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I'm not married to that idea, but I also think utilitarianism is an attempted easy answer to an incredibly difficult question
To me, the question is not that difficult, but also the end goal of utilitarianism is not so simple. Take a democrat and a republican. Both could have utilitarian ideals for society, but have two different and perhaps even opposing ideas of how to achieve it.

A slight side note, I also like the some of the ideas of social contracts as I find them quite descriptive. A society is a bunch of humans getting together. In order for everyone to do better, they agree to abandon certain freedoms. For example, everyone can on average can do better if everyone agrees not to murder and not to steal from eachother. The goal of society is to raise up those who adhere to the social contract. That is done through cooperation and also the removal of the freedoms that would put otherwise everyone down.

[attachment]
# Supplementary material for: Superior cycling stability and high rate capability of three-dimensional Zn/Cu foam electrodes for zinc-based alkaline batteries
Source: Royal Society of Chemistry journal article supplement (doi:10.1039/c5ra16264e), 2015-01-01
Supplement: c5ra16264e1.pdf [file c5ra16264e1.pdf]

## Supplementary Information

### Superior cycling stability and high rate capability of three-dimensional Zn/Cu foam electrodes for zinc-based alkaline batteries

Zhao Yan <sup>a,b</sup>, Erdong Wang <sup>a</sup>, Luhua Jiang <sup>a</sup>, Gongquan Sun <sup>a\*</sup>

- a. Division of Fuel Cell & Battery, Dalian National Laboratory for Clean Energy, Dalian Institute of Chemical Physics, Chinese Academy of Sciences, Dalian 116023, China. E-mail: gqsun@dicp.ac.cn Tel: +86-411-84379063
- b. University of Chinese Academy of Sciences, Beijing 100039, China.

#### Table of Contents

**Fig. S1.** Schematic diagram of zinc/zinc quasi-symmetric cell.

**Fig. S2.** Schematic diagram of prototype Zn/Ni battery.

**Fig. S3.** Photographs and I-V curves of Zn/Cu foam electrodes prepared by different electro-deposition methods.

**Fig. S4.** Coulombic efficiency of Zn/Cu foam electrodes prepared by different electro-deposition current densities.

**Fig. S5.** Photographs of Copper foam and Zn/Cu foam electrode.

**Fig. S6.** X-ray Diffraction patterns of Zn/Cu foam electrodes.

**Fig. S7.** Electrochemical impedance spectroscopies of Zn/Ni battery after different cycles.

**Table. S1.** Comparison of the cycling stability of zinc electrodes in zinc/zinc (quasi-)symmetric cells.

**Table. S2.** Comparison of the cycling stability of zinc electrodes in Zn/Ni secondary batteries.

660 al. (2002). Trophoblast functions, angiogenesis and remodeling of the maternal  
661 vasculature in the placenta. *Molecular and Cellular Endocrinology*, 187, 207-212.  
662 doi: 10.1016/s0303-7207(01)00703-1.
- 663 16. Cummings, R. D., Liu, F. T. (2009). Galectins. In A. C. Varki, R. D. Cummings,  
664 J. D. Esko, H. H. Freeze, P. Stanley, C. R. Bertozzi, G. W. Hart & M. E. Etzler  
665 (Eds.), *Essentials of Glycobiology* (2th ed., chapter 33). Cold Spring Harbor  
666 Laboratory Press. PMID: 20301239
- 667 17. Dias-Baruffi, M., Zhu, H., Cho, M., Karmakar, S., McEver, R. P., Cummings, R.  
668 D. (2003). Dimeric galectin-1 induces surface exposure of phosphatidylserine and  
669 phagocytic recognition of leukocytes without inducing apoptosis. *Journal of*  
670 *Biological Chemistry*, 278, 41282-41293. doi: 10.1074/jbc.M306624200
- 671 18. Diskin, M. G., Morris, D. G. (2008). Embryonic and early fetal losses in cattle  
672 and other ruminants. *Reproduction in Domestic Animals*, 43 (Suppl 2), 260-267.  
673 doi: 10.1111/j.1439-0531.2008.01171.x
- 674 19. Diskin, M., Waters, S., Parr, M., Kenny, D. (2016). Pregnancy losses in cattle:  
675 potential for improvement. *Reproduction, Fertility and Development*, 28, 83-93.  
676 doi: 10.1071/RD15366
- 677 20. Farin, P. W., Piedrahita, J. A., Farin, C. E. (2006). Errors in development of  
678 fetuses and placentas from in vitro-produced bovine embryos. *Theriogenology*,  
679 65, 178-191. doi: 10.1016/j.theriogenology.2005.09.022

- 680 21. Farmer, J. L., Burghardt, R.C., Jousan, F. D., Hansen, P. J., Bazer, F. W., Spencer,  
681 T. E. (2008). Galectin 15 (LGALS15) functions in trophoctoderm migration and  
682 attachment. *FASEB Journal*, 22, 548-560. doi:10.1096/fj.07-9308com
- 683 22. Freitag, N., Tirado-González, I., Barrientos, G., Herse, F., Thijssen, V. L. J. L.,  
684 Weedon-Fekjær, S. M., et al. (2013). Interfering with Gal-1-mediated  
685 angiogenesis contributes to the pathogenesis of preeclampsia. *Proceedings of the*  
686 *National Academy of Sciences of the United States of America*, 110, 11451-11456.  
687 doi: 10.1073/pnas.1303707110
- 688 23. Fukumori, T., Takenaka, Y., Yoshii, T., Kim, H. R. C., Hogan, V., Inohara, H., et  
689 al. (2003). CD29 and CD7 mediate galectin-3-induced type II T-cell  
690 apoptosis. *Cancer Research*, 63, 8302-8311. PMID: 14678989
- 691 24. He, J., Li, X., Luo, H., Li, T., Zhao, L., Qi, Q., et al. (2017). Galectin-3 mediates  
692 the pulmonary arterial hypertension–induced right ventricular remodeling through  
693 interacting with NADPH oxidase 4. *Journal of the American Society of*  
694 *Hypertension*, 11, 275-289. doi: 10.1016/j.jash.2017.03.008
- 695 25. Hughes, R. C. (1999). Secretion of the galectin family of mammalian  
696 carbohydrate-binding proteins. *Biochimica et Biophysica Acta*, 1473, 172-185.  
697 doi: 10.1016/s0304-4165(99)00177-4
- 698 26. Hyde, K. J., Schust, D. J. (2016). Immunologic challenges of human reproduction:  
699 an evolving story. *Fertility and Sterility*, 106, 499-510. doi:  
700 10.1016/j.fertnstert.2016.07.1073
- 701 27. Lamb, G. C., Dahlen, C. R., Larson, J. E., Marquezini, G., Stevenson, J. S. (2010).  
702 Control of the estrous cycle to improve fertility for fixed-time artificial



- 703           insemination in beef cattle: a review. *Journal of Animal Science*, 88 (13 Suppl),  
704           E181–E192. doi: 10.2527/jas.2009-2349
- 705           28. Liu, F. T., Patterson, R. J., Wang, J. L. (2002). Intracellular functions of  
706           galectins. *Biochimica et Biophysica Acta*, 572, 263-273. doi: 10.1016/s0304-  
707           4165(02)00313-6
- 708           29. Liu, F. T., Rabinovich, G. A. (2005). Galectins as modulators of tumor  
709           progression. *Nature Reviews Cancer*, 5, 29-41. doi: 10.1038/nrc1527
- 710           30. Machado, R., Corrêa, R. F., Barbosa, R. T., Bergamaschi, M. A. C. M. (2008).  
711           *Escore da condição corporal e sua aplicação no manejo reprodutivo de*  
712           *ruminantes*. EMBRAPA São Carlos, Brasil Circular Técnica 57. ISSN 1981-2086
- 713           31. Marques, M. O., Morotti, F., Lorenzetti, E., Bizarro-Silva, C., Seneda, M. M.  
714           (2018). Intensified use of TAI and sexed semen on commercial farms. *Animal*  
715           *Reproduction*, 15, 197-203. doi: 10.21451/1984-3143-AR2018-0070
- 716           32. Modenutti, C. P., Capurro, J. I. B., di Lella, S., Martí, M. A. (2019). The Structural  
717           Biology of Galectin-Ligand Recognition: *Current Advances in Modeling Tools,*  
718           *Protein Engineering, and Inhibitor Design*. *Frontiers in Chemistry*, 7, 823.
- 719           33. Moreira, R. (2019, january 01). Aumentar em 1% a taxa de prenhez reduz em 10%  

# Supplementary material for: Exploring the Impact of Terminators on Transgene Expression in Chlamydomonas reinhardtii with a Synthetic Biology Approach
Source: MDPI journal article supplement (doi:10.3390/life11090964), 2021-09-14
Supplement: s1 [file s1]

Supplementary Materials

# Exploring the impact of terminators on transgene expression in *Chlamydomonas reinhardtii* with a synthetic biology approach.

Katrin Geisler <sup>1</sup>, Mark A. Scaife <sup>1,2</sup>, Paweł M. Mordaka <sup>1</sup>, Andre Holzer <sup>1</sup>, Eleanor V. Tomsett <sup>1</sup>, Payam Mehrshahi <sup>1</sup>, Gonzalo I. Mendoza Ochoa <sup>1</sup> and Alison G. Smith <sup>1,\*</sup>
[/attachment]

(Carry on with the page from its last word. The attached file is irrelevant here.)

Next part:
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Old 05-11-2021, 02:46 AM   #26 (permalink)
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not true at all

there's a pretty immediate and visceral response in most primates (I think) towards something perceived to be unfair for example

I don't think there's some kind of Utilitarian calculation going on, we just don't like injustice
I don't disagree with you with regard to it not being based on utilitarian calculus.. or in other words we don't work out said calculation when making moral decisions. like I said I think all these systems are basically ad hoc rationalizations for something more instinctual. But those instincts can also be intrinsically based on a sort of evolutionary cost benefit analysis which goes back to the same question of utility.